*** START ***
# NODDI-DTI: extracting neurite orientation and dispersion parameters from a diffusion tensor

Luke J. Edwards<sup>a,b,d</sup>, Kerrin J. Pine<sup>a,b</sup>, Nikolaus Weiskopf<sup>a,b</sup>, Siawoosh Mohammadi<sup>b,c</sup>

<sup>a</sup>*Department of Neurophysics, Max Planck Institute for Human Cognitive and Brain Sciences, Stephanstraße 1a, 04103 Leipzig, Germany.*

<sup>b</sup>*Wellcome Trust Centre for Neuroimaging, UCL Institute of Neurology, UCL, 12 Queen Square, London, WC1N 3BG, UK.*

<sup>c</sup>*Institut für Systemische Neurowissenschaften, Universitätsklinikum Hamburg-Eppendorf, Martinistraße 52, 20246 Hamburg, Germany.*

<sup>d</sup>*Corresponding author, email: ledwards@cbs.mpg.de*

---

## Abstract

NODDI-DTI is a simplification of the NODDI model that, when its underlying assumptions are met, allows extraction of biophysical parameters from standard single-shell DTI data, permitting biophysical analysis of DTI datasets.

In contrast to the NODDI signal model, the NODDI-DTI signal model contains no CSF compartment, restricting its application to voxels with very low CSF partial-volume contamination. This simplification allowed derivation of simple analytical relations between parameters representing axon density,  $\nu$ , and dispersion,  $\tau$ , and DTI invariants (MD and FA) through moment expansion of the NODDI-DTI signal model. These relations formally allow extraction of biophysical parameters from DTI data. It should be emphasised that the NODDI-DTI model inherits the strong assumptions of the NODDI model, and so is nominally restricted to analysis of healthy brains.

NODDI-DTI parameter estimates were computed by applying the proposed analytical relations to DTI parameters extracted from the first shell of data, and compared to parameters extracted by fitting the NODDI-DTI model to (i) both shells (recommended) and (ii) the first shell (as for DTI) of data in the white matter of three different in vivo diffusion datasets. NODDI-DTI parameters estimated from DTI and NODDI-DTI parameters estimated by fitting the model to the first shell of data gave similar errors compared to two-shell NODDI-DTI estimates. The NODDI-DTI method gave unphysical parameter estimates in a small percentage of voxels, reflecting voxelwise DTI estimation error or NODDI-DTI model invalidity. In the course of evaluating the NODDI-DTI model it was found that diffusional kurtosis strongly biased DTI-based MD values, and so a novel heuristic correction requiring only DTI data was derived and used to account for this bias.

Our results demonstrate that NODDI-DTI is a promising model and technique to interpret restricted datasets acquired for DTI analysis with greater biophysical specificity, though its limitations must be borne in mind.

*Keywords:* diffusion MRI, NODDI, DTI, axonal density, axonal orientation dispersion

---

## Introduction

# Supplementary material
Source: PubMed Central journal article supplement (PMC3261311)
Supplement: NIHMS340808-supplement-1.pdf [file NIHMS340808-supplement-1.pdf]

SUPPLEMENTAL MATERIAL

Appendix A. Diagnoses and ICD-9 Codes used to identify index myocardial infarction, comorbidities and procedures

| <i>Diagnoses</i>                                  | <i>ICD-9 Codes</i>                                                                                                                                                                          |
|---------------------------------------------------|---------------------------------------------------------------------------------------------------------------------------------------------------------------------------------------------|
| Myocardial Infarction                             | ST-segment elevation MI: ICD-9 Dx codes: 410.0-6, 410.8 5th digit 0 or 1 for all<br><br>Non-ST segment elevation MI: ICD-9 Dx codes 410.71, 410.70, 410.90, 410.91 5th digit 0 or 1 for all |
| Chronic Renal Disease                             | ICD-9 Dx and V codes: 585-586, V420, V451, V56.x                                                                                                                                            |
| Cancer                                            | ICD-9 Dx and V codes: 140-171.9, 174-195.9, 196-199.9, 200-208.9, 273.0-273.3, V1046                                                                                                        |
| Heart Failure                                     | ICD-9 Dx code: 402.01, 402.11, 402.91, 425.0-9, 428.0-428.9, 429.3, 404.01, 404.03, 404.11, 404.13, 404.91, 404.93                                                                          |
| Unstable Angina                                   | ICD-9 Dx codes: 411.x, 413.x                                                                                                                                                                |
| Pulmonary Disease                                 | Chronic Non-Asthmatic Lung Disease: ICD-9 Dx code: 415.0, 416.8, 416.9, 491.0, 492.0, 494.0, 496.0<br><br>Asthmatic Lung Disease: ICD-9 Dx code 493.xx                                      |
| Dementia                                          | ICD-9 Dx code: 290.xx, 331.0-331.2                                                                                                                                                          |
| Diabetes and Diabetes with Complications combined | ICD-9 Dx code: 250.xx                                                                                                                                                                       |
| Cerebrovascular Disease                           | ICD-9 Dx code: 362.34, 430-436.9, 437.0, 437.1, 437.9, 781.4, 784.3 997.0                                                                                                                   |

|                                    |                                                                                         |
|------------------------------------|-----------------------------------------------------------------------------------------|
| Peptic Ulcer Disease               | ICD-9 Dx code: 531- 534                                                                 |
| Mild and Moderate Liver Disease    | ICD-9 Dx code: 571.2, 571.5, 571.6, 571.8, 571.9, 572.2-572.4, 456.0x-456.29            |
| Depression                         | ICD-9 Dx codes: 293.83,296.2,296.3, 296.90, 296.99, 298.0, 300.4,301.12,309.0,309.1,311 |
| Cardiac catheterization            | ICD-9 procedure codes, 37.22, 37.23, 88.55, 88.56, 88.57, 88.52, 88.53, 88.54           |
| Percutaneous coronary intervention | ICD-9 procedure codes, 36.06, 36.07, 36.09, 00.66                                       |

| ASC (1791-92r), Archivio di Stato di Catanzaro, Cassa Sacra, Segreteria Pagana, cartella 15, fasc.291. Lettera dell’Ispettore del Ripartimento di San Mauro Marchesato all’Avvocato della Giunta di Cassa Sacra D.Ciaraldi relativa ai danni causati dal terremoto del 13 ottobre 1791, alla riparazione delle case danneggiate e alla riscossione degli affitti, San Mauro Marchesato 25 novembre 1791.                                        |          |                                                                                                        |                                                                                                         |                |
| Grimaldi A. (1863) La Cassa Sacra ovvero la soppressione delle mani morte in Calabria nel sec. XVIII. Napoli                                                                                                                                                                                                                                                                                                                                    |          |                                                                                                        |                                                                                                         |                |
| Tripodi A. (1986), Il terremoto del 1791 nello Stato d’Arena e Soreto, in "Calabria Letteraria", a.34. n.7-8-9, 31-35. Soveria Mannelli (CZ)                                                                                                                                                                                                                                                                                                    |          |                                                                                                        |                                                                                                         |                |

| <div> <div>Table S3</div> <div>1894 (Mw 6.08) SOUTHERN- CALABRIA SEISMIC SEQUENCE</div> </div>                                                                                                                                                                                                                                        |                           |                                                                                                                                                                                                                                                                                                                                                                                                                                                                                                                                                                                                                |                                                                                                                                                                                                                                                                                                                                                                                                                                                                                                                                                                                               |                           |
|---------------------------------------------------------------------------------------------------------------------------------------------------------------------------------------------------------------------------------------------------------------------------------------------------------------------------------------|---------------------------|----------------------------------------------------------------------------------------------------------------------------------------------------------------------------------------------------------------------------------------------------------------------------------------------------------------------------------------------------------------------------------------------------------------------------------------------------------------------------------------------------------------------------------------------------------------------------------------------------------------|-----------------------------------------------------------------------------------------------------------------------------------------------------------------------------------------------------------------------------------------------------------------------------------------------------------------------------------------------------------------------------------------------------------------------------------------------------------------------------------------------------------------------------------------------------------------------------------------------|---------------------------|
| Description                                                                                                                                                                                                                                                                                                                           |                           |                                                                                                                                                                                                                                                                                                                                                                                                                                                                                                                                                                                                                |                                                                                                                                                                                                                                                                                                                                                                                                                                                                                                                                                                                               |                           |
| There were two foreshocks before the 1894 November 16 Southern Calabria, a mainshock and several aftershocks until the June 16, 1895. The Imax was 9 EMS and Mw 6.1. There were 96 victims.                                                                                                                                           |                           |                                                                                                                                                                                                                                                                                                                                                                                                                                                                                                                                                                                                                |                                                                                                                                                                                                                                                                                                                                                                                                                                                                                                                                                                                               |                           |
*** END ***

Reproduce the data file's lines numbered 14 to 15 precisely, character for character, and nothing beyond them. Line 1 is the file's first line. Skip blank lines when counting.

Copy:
---

## Introduction